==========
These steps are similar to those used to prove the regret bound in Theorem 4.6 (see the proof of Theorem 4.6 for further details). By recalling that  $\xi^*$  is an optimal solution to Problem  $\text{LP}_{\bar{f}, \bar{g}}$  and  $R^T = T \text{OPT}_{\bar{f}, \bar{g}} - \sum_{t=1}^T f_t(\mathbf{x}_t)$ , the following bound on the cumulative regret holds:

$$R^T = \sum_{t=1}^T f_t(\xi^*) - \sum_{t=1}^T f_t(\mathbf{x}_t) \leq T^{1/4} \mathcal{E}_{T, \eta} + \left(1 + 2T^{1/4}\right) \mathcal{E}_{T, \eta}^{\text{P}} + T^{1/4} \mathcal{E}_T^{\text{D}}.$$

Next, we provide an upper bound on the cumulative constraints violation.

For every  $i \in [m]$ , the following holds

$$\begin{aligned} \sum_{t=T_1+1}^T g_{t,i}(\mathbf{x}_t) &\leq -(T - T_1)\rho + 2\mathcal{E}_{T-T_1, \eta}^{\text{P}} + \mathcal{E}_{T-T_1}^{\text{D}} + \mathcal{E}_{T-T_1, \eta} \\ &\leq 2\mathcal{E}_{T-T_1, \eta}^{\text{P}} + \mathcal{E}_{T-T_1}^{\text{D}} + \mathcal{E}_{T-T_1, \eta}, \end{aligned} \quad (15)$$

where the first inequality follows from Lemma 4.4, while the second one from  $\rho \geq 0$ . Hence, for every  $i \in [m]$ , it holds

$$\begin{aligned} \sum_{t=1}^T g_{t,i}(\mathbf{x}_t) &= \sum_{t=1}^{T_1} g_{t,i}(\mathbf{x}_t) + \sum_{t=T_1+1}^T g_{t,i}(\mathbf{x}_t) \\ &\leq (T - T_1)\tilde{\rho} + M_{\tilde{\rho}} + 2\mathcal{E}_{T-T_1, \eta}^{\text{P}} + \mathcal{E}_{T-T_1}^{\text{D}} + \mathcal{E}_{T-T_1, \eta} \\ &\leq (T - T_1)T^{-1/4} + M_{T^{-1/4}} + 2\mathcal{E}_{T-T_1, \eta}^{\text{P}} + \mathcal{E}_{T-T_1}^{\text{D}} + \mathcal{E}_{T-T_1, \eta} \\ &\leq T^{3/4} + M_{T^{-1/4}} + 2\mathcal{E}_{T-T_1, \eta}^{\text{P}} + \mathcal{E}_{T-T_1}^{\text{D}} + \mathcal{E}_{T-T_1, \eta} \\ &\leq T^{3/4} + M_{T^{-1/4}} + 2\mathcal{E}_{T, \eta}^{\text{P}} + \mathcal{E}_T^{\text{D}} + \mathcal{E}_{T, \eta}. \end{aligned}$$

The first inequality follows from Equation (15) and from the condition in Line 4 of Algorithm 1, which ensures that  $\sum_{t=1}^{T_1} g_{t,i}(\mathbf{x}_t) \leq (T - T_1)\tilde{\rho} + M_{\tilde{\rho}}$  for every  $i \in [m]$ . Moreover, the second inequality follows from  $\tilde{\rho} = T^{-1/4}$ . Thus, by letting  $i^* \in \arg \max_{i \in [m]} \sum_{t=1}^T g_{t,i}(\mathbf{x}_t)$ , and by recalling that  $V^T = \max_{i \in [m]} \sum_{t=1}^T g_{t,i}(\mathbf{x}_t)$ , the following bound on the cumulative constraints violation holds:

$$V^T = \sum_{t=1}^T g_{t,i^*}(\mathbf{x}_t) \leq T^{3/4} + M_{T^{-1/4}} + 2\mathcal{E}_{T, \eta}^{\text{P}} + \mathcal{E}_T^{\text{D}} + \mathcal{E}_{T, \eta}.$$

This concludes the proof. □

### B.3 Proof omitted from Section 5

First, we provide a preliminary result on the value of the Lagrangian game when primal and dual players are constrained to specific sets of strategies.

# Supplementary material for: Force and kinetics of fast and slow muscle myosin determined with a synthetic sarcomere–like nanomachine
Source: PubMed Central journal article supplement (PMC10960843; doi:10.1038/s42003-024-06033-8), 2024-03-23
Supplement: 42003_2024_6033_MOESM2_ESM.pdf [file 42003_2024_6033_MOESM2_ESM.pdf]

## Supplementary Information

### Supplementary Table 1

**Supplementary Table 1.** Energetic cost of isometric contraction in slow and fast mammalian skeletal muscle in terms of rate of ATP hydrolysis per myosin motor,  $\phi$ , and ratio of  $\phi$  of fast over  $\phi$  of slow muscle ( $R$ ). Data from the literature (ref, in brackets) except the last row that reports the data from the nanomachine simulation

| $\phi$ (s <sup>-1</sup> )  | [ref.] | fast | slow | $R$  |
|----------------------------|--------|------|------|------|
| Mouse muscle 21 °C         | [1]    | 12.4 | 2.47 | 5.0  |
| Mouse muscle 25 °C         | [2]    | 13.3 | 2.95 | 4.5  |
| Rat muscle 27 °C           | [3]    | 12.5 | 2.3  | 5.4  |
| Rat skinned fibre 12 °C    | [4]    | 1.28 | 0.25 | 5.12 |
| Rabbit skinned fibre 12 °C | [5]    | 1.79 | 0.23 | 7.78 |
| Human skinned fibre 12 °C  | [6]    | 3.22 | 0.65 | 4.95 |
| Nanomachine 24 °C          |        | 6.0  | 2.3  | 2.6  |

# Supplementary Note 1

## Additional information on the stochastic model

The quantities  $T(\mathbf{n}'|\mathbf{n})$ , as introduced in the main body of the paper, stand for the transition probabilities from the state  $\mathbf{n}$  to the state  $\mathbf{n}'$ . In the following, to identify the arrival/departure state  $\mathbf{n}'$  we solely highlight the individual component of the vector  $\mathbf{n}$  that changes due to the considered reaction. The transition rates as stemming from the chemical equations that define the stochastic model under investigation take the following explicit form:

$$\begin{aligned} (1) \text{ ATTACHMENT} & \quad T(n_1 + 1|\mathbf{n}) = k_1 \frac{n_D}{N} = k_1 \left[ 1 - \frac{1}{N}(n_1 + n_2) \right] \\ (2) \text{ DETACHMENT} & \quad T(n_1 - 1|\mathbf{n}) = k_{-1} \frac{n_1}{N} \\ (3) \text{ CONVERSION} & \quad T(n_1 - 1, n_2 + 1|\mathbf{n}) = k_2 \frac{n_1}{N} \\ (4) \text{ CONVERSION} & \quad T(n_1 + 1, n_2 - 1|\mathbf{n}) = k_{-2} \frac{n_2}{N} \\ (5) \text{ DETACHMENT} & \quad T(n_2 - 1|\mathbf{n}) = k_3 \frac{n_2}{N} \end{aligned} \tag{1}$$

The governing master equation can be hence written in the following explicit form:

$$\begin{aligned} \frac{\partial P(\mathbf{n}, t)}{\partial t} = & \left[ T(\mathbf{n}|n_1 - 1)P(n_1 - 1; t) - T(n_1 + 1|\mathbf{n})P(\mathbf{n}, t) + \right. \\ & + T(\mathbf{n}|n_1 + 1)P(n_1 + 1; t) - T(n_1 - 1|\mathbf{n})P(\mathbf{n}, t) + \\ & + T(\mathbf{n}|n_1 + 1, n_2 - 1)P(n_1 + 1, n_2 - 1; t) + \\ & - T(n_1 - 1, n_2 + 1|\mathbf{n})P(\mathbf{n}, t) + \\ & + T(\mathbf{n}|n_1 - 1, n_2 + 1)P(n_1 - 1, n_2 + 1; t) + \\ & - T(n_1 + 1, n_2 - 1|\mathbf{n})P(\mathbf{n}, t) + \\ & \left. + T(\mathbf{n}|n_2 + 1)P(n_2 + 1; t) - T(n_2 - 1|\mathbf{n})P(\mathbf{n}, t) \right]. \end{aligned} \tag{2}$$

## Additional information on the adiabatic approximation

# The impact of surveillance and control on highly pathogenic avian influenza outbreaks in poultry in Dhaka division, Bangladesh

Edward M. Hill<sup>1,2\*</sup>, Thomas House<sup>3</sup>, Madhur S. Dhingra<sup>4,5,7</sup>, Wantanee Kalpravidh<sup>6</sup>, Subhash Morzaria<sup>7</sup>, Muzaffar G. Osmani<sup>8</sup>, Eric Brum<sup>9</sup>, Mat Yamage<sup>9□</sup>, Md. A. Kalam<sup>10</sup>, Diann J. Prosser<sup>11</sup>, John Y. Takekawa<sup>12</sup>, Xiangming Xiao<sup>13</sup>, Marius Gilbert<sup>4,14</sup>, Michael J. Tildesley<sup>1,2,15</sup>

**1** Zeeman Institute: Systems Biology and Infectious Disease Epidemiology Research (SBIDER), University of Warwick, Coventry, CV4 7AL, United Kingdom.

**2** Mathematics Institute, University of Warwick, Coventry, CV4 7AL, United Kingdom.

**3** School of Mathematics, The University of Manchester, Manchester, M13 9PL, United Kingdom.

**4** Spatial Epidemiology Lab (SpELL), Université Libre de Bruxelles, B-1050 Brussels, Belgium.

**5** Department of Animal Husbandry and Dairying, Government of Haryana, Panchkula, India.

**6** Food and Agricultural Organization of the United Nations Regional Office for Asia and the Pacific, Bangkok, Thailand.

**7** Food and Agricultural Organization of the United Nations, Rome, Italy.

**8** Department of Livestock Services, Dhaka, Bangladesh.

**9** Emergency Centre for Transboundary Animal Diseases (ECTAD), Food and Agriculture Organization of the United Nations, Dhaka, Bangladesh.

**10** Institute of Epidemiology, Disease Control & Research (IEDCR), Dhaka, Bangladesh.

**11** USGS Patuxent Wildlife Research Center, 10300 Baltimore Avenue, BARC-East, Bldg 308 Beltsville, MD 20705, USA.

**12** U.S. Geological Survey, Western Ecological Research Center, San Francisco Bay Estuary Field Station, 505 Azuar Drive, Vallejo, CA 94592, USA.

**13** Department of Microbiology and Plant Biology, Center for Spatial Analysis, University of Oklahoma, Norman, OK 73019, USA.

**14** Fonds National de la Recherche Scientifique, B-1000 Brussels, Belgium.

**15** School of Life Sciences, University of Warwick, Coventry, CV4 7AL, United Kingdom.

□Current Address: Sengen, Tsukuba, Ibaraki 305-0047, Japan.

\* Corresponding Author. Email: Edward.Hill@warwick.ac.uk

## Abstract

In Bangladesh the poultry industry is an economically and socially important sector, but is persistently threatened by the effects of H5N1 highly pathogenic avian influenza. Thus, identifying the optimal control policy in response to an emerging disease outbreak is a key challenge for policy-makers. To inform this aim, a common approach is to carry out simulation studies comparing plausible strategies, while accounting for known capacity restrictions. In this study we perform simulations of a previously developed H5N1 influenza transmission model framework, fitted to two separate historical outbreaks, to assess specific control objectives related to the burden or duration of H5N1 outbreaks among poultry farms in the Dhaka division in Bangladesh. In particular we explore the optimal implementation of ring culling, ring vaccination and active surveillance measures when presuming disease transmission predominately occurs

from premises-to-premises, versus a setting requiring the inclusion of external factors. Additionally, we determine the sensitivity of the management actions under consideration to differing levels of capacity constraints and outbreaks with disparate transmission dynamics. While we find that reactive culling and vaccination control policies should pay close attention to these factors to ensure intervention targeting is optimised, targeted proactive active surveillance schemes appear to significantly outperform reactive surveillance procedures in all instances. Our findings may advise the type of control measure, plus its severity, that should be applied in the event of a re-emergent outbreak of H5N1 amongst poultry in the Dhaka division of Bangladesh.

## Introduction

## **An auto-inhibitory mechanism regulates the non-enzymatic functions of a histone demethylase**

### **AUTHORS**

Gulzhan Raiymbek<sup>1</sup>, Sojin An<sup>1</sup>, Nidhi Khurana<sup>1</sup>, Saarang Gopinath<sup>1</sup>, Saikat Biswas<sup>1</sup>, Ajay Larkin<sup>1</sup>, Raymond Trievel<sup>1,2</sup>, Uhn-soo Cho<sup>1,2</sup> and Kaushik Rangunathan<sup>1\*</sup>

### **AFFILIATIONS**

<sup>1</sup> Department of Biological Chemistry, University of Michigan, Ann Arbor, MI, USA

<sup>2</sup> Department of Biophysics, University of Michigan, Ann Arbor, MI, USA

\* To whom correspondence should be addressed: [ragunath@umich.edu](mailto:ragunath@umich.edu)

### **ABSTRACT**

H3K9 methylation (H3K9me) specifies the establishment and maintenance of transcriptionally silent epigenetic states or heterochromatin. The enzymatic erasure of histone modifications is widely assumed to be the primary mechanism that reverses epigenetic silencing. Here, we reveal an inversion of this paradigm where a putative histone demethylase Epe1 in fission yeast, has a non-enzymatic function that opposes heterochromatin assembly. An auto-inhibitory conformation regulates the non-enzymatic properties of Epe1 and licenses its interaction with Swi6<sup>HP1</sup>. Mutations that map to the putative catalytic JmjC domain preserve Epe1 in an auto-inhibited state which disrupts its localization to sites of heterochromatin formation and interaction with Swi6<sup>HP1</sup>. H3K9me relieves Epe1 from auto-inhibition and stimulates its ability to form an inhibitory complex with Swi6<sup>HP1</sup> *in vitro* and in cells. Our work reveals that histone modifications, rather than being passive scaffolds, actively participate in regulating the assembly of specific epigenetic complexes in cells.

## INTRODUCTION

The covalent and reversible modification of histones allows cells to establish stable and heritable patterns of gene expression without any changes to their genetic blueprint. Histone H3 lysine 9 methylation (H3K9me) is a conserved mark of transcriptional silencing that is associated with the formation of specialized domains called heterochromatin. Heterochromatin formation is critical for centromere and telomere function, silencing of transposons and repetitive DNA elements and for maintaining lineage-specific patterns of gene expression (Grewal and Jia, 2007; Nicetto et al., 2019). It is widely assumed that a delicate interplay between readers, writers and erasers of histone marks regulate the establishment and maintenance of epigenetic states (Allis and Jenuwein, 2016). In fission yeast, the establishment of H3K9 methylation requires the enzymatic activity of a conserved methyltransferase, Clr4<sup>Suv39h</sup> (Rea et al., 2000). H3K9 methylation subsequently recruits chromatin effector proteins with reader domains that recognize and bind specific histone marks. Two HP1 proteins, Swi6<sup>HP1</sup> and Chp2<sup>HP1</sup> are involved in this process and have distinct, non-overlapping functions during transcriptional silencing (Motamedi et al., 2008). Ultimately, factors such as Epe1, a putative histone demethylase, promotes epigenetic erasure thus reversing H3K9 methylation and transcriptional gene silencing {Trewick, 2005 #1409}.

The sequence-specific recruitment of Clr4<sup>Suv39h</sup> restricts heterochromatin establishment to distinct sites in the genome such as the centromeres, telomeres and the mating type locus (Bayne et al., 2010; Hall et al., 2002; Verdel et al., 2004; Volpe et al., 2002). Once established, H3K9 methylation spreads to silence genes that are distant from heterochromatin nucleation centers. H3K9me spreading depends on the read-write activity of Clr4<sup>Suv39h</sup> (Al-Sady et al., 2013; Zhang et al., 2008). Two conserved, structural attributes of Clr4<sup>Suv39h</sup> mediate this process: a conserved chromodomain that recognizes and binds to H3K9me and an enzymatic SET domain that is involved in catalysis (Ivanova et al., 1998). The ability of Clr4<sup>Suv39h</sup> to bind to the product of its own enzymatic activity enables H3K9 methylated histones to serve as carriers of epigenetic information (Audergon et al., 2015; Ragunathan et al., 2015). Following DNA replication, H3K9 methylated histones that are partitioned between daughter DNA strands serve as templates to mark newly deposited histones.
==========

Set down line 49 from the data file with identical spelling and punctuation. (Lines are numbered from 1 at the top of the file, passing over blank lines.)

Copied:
**13** Department of Microbiology and Plant Biology, Center for Spatial Analysis, University of Oklahoma, Norman, OK 73019, USA.